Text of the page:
That's a big deal because 51GB might not be enough for typical laptop useage, but that extra 10% you could add could make the difference. Same goes for 128GB drives.

I'd be much happier to buy a drive knowing that I could use an extra 10% free and they system would just give me some kind of warning if the over provisioned space was running out. Then you could just convert it to a dynamic drive and reduce the size.
 

kanaida

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This feature has existed for 2 decades or longer.
Mechanical drives use a "low level" format, this type of format can modify the amound of reserved space. We just typically don't get options to play with.
It's also called "FIRMWARE". and guess what? there's updates for that too.
So while it's not something a consumer can do, it's definately "prior art/work". It's always been dynamic, the vendors just chose to not let us edit it directly because for the most part, consumers typically = retarded, except for the few that actually know *why and how* hardware works at all. It was just something you grew up with if you used a computer before the internet. It used to be common practice to know you DMA hardware address in hex, and IRQ (processor's interrupt request #), and the type of chip just to set up the sound to play wolfenstein lol...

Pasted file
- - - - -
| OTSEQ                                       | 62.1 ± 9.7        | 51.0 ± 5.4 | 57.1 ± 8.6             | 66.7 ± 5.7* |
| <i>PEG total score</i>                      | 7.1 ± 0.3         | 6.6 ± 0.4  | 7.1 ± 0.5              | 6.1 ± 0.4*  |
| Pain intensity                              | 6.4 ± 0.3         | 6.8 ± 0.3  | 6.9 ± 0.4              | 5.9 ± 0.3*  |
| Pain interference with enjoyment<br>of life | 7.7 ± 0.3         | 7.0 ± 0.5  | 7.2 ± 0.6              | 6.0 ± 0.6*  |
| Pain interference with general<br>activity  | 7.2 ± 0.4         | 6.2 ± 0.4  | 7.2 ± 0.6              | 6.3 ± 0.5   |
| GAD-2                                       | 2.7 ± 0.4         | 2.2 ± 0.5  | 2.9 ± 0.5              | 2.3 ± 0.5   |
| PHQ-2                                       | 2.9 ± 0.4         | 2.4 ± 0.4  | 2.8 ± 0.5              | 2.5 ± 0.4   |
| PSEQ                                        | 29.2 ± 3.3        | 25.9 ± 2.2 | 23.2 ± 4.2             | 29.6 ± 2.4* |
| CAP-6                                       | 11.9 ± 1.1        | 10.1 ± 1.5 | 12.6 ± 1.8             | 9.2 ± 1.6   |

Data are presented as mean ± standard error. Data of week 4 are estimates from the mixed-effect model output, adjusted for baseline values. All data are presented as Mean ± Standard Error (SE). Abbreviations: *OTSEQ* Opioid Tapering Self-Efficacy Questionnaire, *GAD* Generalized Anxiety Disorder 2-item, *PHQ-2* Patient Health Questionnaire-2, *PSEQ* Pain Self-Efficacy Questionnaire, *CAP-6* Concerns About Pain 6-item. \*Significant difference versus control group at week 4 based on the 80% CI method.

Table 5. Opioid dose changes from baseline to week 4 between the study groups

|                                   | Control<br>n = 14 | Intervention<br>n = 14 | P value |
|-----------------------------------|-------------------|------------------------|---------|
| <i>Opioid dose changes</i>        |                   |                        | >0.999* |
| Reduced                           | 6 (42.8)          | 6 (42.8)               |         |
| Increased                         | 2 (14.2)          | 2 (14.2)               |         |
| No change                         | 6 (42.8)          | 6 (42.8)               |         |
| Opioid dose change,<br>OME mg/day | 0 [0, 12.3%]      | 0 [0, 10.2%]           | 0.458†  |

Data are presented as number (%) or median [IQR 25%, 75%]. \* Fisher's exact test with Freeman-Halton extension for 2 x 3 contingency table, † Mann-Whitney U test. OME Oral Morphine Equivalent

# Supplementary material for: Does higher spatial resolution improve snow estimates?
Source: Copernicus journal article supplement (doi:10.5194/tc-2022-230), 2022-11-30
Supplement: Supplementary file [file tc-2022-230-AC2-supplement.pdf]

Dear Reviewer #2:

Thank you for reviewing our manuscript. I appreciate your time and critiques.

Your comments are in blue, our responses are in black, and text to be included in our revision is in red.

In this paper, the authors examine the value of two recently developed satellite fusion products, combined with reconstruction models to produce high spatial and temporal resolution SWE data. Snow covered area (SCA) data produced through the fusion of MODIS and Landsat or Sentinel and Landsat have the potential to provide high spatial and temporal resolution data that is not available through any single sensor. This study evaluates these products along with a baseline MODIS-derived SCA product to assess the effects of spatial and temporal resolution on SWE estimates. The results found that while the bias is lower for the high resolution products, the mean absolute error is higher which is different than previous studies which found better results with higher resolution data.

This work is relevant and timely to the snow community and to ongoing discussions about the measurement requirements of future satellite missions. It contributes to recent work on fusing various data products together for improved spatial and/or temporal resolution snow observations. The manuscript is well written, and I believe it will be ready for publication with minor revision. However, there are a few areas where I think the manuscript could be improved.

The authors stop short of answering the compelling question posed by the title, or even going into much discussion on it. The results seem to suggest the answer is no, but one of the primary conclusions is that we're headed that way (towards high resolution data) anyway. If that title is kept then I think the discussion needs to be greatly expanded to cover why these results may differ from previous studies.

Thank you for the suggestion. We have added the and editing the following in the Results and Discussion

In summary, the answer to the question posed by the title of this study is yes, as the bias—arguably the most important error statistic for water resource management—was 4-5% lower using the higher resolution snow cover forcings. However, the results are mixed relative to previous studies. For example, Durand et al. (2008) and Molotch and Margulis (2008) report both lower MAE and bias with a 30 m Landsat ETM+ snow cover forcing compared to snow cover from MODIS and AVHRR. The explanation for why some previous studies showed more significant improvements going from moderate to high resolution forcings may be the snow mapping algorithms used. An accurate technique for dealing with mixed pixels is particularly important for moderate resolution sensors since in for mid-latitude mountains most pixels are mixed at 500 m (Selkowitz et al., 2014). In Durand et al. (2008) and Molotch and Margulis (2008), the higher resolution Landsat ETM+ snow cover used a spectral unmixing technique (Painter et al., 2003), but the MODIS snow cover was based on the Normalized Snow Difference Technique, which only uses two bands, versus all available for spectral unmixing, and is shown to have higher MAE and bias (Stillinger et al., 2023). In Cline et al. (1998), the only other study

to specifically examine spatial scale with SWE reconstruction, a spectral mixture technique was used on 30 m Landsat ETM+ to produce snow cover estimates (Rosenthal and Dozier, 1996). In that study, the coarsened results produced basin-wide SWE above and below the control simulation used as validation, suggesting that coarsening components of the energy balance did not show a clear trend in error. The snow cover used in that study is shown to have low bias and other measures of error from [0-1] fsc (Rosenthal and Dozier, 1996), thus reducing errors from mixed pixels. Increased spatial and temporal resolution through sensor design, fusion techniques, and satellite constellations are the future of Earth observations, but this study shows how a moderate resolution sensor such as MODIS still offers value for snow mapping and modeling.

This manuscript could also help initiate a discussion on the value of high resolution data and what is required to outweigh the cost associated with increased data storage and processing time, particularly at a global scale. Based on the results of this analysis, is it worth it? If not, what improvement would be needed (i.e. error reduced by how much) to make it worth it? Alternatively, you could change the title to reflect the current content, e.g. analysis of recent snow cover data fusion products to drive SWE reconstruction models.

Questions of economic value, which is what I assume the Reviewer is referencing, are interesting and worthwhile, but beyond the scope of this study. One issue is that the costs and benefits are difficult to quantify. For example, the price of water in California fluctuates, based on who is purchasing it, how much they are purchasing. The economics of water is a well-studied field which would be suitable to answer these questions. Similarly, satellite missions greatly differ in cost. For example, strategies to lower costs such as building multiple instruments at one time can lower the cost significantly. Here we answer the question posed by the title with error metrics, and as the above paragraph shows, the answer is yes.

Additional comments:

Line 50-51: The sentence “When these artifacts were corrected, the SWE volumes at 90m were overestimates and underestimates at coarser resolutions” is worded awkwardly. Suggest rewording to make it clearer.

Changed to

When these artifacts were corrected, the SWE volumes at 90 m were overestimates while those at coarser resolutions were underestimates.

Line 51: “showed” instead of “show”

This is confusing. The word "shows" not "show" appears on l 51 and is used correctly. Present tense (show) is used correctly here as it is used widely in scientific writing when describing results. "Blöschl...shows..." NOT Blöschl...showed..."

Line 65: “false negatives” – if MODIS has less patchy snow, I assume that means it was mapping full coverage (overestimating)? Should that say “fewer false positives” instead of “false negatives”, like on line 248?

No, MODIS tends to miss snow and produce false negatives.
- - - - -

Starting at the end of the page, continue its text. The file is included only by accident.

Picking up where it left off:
alidan

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[citation][nom]bustapr[/nom]Seems logical and good. Too bad itll cost a fortune for while. See here Apple, this is what a REAL patent should look like.[/citation]
apple - lets patent the shape of the ssd, the weight, the way we installed it, and lets make damn sure to call how we connect it to something trade markable so we can charge per usage of the word.
ibm - lets patent the innovative way we found to increase the ssds life, so other don't reap the benefits of our hard work without compensation.

a clear difference
 

alidan

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[citation][nom]rosen380[/nom]Why would it be better to have, lets say, a 128GB drive that acts like a 64GB drive versus a 128 GB drive that acts like a 128 GB drive that degrades down to a 64GB drive at about the same time as the other one runs out of reserve memory?[/citation]

well lets say you set that 128gb drive to work like a 120 or 110gb drive. almost the same amount of space, and you have a safety net for when the drive runs down. a 64gb out of a 128gb would probably increase the drives life by 2x, but it also stands to reason, that in 5 years the drive would be replaced so why try to make it last 10.
 

kanaida

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Oh and by the way, the technology is a great idea. I was just trying to get the point accross that the PSTO is nowhere near educated when it comes to technology. That's why patent trolls exist. I'm not saying IBM is one, but some patents shouldn't be awarded. If they didn't cost about $10,000 I'd be a patent troll too given that as far as computers go they can't figure out what 1+1 is
 

TNM